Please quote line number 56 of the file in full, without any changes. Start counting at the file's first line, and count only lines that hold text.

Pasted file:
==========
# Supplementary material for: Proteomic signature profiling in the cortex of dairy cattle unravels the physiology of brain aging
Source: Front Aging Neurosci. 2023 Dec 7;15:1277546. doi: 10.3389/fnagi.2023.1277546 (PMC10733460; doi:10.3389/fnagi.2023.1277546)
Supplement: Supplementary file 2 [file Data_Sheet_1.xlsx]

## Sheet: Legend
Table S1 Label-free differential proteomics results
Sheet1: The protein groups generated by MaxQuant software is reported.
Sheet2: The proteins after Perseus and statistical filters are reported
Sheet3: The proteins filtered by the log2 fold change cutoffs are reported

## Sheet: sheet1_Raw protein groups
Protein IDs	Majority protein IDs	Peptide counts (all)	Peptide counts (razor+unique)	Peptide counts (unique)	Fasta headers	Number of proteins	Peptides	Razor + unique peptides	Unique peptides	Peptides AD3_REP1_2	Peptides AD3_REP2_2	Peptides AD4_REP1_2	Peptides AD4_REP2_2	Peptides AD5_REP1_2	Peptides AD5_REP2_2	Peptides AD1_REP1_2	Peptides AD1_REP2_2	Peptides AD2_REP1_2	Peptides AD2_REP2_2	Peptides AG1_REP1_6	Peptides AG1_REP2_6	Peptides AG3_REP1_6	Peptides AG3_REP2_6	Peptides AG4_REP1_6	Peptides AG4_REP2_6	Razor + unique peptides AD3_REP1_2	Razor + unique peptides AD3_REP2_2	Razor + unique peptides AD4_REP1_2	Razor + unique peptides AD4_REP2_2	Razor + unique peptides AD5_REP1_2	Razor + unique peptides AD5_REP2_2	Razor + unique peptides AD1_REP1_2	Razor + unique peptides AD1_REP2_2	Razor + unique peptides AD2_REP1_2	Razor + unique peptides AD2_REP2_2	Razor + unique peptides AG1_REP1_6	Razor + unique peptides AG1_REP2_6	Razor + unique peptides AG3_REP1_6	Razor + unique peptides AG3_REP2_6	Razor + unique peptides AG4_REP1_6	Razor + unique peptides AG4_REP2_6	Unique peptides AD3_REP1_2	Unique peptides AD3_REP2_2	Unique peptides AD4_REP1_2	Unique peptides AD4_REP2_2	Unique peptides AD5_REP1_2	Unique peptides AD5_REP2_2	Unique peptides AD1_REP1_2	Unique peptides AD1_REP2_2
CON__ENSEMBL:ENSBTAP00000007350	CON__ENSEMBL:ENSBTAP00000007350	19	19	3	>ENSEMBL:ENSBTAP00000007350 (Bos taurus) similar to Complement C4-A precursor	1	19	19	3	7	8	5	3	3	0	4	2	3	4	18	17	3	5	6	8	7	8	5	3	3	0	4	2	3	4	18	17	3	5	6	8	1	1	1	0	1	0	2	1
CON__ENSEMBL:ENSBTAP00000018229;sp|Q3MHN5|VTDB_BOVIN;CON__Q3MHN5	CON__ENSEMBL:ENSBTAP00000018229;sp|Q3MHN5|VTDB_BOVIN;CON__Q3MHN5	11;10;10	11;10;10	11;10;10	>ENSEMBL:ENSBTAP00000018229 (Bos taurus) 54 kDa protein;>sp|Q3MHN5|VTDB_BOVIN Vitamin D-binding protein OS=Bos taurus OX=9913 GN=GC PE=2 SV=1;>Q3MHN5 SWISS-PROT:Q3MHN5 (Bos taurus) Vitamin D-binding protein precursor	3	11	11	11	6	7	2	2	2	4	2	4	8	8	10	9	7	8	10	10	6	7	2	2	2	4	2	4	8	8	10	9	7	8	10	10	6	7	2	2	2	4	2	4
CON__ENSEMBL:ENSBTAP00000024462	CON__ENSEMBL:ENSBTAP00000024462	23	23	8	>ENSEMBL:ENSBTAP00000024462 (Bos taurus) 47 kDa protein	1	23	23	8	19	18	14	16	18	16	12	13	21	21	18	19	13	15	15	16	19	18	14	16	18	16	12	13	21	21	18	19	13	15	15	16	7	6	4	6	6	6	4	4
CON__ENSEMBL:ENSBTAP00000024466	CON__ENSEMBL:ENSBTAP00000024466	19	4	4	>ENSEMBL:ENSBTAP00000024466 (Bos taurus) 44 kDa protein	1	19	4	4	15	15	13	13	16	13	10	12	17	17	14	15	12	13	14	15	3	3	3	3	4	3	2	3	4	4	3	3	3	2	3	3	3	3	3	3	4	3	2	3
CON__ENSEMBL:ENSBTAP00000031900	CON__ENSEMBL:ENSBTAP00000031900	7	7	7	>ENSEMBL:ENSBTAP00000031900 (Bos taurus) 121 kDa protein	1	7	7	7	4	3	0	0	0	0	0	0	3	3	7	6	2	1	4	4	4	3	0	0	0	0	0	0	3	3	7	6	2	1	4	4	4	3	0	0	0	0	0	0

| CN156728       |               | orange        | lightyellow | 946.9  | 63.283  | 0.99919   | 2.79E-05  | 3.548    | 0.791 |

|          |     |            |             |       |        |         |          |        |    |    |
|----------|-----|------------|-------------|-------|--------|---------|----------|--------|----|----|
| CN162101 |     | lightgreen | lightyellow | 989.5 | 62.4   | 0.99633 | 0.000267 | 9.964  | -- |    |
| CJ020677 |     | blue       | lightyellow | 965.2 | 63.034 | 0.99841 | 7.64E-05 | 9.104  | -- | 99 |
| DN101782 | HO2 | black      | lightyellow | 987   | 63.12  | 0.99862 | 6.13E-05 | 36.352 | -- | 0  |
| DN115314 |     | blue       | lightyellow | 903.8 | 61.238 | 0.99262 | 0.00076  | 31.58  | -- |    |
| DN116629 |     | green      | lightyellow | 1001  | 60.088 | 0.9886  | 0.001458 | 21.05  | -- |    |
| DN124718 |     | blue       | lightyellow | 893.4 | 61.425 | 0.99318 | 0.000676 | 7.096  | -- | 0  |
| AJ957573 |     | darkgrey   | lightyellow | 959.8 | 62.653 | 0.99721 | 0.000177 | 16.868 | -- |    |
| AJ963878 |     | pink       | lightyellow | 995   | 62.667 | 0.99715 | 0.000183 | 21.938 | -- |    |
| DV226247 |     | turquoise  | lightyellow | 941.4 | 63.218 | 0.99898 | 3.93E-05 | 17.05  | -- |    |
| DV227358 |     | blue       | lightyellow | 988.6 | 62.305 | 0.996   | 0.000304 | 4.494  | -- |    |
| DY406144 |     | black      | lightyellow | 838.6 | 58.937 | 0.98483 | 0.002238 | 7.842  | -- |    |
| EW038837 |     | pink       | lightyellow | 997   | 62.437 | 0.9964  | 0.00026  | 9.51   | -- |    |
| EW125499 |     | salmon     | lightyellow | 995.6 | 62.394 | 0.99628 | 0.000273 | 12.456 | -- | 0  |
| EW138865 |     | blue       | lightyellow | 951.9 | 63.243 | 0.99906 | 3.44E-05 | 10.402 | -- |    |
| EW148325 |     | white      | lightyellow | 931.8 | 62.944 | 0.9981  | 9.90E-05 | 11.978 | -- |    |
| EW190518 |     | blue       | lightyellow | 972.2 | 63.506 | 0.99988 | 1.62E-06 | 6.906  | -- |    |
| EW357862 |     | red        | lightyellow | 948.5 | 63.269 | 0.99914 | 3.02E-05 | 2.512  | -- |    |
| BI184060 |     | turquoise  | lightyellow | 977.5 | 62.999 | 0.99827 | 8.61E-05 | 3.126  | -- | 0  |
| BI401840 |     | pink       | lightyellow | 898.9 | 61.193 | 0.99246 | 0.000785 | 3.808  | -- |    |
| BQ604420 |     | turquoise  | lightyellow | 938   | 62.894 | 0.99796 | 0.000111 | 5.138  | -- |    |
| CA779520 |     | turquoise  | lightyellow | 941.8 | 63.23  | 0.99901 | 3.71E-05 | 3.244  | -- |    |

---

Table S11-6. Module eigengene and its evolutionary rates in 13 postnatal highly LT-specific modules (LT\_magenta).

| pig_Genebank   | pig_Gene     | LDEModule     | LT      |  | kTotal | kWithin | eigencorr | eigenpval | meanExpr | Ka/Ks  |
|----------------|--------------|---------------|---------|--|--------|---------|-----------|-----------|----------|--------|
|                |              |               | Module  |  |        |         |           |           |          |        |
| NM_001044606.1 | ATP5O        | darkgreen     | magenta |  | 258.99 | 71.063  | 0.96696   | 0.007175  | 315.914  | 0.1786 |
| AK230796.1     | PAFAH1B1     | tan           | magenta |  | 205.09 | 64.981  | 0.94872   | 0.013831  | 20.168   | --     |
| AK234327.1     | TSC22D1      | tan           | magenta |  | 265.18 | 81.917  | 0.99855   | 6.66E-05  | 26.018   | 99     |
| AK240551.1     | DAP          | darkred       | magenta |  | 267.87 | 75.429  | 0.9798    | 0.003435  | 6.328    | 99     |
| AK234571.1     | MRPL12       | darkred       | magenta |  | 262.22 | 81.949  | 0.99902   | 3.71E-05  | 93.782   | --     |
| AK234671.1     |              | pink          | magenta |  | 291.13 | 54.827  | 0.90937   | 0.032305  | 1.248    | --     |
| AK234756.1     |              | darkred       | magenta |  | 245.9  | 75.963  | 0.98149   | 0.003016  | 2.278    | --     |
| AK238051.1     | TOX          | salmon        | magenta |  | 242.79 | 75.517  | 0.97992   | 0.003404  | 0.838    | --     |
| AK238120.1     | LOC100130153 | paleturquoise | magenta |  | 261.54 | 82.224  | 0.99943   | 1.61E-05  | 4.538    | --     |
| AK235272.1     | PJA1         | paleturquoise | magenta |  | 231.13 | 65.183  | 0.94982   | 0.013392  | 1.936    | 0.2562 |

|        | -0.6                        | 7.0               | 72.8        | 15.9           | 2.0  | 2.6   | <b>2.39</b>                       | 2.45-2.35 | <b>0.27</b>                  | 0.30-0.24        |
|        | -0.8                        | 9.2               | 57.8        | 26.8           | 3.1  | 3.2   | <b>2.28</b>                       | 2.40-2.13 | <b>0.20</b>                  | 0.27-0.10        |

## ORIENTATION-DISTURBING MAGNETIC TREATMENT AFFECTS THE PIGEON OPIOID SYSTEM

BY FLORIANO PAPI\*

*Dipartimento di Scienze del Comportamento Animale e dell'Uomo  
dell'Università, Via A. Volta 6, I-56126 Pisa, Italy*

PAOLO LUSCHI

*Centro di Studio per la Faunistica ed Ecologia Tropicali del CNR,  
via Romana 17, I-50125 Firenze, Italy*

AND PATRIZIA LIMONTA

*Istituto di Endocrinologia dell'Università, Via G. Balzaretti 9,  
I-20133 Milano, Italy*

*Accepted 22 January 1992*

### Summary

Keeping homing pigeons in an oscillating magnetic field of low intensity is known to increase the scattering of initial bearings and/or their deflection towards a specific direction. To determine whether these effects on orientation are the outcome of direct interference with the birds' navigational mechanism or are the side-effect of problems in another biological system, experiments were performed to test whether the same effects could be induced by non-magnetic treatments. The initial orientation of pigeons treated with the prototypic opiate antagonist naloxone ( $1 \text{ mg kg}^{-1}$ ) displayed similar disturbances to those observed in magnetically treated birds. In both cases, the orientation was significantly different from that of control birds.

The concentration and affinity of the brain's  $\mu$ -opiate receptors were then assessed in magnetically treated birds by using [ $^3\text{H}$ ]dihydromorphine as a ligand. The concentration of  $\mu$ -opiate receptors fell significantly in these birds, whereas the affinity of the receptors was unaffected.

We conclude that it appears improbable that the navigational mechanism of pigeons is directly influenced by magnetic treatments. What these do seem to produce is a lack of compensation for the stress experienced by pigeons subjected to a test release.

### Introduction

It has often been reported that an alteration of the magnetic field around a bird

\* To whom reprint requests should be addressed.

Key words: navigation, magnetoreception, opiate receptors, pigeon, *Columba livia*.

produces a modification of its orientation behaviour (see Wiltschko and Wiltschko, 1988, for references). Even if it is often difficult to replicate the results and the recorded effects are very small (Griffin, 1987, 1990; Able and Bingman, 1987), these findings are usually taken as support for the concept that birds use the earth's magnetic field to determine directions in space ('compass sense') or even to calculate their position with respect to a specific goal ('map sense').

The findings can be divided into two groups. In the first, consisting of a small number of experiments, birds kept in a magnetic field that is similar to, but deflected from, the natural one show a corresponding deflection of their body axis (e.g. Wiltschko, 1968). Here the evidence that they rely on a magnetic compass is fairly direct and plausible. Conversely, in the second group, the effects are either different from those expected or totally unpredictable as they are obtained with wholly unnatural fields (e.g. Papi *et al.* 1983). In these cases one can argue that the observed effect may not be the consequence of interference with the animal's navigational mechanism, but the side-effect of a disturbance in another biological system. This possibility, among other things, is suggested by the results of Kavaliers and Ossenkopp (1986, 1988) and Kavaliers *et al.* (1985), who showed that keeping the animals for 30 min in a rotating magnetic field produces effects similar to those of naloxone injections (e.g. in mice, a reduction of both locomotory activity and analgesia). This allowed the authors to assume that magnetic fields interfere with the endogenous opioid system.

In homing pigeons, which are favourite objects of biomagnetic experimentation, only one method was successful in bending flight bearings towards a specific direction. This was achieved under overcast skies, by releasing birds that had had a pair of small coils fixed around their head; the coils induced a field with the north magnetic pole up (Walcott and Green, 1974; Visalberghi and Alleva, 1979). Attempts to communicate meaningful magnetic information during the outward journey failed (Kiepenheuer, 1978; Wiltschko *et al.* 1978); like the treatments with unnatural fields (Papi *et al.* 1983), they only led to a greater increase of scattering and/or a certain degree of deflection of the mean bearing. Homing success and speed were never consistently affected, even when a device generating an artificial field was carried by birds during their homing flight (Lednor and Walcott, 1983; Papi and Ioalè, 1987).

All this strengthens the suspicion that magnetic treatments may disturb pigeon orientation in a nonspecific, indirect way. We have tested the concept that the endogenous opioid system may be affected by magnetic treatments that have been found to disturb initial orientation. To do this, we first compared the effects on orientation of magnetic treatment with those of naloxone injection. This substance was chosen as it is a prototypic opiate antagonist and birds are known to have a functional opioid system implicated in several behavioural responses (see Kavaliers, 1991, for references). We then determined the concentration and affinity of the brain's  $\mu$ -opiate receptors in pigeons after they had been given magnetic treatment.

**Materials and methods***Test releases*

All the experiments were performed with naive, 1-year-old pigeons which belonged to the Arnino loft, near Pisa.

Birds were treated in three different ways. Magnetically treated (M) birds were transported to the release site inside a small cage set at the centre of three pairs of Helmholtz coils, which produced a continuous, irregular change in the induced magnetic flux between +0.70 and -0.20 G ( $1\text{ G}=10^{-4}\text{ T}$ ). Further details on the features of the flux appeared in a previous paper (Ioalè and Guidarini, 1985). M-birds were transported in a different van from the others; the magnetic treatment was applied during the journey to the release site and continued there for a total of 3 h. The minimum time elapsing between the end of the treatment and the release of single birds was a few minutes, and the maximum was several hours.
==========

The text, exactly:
|        | -0.8                        | 9.2               | 57.8        | 26.8           | 3.1  | 3.2   | <b>2.28</b>                       | 2.40-2.13 | <b>0.20</b>                  | 0.27-0.10        |